"We genuinely believed it was benign or low-grade and never expected to be told Tony only had 14 months left. It was as if we’d been punched in the stomach and had all the wind knocked out of us. How could this be?”
We did a lot of research about treatment but opted for the standard radiotherapy and chemotherapy. Many of the alternative treatments would have involved going abroad for weeks at a time and Tony simply didn’t want to be away from his family. What Tony did want was to make special memories and live each day to the full, and one of his biggest frustrations was how much time was taken up going to appointments.
In September 2015, four months after his diagnosis, we celebrated as the results from an MRI scan came back clear, and the cherry on top was a surprise proposal from Tony. He had been asking me for my ring size so you could say I kind of knew it was coming, but it was magical when he proposed during a romantic spa break! We had the most amazing wedding day just two months later.
On honeymoon in Scotland, however, our good luck seemed to be running out and Tony had a funny turn. A new scan showed the tumour was growing again and in January he was in theatre for a second operation. Once again, Tony wowed us with his physical and mental strength during recovery.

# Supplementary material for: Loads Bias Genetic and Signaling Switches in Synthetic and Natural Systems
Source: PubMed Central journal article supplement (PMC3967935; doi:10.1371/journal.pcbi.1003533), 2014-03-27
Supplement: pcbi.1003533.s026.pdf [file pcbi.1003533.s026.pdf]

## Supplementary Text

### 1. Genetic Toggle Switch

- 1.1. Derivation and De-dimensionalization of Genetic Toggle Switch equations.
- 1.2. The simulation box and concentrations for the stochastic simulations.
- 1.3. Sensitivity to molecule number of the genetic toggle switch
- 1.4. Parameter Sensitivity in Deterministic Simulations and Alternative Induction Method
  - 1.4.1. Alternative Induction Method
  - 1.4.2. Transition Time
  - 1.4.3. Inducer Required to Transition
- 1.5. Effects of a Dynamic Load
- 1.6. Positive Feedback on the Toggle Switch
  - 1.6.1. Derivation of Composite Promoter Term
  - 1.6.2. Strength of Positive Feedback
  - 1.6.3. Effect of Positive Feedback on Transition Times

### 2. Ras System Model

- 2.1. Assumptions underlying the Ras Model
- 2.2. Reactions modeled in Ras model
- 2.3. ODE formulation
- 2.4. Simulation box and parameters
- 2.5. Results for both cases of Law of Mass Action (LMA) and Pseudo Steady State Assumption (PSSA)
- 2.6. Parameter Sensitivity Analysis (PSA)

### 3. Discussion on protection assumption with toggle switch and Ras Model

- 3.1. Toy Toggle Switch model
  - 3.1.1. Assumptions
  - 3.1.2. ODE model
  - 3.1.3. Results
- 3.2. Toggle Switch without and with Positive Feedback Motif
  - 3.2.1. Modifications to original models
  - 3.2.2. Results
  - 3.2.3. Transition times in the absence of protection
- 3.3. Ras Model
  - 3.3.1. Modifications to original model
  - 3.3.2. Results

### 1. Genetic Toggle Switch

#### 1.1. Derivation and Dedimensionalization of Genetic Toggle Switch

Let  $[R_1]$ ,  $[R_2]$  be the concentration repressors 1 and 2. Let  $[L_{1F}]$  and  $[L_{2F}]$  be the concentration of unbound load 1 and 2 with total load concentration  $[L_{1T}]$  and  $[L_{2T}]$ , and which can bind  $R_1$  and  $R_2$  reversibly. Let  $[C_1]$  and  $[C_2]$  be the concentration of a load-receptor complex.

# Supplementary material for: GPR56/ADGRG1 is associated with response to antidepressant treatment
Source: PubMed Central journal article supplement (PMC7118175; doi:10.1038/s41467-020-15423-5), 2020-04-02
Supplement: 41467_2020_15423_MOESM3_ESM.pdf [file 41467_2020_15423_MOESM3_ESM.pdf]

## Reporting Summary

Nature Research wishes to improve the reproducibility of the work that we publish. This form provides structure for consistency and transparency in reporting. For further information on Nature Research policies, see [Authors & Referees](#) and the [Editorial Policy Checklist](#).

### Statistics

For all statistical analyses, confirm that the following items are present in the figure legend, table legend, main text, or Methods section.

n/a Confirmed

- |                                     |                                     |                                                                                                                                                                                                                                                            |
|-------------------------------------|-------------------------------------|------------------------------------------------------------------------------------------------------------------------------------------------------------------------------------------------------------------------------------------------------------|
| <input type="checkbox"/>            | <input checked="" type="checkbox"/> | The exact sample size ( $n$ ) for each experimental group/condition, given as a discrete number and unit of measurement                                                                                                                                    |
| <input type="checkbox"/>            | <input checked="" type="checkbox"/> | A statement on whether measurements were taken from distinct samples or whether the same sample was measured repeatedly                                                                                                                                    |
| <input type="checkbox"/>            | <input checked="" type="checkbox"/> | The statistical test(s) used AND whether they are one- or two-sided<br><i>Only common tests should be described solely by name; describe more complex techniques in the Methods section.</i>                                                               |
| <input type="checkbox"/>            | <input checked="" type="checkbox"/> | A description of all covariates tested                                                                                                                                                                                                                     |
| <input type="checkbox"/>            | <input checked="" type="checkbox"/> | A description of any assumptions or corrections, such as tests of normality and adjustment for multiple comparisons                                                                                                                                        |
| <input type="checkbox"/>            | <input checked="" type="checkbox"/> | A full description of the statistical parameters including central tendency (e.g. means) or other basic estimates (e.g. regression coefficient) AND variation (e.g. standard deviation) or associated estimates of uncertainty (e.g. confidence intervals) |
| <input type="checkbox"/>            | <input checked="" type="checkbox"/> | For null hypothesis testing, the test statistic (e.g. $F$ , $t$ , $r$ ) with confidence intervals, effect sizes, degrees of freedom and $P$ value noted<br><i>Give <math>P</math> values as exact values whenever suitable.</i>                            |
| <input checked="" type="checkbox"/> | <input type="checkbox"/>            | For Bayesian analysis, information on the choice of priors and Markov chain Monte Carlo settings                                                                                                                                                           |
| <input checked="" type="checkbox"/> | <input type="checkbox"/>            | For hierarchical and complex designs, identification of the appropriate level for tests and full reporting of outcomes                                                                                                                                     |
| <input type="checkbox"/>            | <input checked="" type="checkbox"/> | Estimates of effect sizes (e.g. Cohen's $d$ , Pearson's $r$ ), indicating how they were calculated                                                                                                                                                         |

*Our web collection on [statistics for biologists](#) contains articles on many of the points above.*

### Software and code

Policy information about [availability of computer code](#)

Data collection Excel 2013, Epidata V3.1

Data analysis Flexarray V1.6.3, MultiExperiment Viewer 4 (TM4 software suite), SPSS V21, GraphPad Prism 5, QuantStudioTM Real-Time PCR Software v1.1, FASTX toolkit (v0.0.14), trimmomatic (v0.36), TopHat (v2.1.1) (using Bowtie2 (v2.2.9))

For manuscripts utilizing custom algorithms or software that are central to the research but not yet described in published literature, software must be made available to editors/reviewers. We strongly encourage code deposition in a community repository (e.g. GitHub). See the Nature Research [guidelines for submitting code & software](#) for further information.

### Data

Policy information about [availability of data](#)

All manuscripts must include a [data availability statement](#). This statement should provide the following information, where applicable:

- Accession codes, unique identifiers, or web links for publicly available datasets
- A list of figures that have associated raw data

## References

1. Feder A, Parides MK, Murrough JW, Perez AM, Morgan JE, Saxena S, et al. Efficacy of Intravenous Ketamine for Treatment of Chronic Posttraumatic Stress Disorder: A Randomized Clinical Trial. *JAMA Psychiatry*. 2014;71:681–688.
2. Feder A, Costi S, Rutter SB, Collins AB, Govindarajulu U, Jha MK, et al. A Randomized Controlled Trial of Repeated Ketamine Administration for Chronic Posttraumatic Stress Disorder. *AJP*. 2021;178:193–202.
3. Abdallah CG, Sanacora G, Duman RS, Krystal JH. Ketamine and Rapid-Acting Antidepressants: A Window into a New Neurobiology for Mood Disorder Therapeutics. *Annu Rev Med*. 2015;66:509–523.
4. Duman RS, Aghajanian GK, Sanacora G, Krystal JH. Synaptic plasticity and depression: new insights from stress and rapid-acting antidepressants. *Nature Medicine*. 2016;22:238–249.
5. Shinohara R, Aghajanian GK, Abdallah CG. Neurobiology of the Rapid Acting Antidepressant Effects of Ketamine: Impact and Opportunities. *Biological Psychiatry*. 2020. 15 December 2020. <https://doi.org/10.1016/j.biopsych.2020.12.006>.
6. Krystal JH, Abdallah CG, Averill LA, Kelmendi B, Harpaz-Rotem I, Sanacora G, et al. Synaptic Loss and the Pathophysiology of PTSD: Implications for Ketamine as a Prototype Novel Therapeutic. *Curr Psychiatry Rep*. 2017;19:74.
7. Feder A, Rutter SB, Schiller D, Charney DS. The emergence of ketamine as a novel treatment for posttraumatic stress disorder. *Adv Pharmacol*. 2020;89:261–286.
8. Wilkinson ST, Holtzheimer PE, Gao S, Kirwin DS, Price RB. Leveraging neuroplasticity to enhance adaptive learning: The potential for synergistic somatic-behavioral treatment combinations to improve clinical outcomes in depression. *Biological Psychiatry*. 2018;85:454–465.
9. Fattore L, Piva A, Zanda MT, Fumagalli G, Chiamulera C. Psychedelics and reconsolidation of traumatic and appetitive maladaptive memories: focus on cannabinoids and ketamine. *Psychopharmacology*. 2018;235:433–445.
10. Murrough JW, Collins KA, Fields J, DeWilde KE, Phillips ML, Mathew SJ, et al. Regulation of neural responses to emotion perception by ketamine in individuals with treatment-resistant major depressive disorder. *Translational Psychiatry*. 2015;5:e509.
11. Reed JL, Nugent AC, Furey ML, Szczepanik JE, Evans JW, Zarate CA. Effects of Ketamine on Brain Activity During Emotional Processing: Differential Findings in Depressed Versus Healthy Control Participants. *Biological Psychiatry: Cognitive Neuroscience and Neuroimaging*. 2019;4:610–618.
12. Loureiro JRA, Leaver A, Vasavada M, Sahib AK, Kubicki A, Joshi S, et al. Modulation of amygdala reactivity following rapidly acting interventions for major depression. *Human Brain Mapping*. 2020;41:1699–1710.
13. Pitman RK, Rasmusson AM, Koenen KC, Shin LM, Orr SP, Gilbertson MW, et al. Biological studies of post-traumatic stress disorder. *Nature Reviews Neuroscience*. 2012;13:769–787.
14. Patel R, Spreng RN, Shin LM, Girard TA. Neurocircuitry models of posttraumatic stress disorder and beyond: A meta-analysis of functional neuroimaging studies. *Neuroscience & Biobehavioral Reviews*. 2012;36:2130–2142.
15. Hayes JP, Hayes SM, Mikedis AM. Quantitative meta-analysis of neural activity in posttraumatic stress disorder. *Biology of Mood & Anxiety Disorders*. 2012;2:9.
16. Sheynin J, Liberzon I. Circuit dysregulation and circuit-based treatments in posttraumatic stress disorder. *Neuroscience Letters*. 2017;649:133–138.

We were really diligent with all Tony’s hospital appointments and in the early months we followed the doctors’ advice not to fly, but following the second operation we thought ‘sod this’ and concentrated on enjoying ourselves with Megan, Lucy, Tony’s parents Kath and Tony Snr, his sister Paula and her daughters Amy and Beth. The Barrows are such an amazing tight-knit family and although we went to meet different doctors to get advice about alternative treatment options, we decided it was more important for us to have these memories than for Tony to pursue gruelling treatment which wasn’t guaranteed to be any more successful than the treatment plan we were following.
We went on amazing trips in 2016 to Oslo, Dubai, Rome and Cornwall. Tony even tried skiing, paddle boarding and surfing for the first time. He also took up skateboarding just to prove a point but we didn’t tell the doctors about that!
Of course, I wouldn’t advise other patients to do what we did but we were confident in our decision to make life about quality not quantity. Tony had always been a proactive person and, even with an aggressive brain tumour, he never sat down.
"When Tony died, I was satisfied that the whole journey had been on his terms and we couldn’t have accomplished any more than we did.”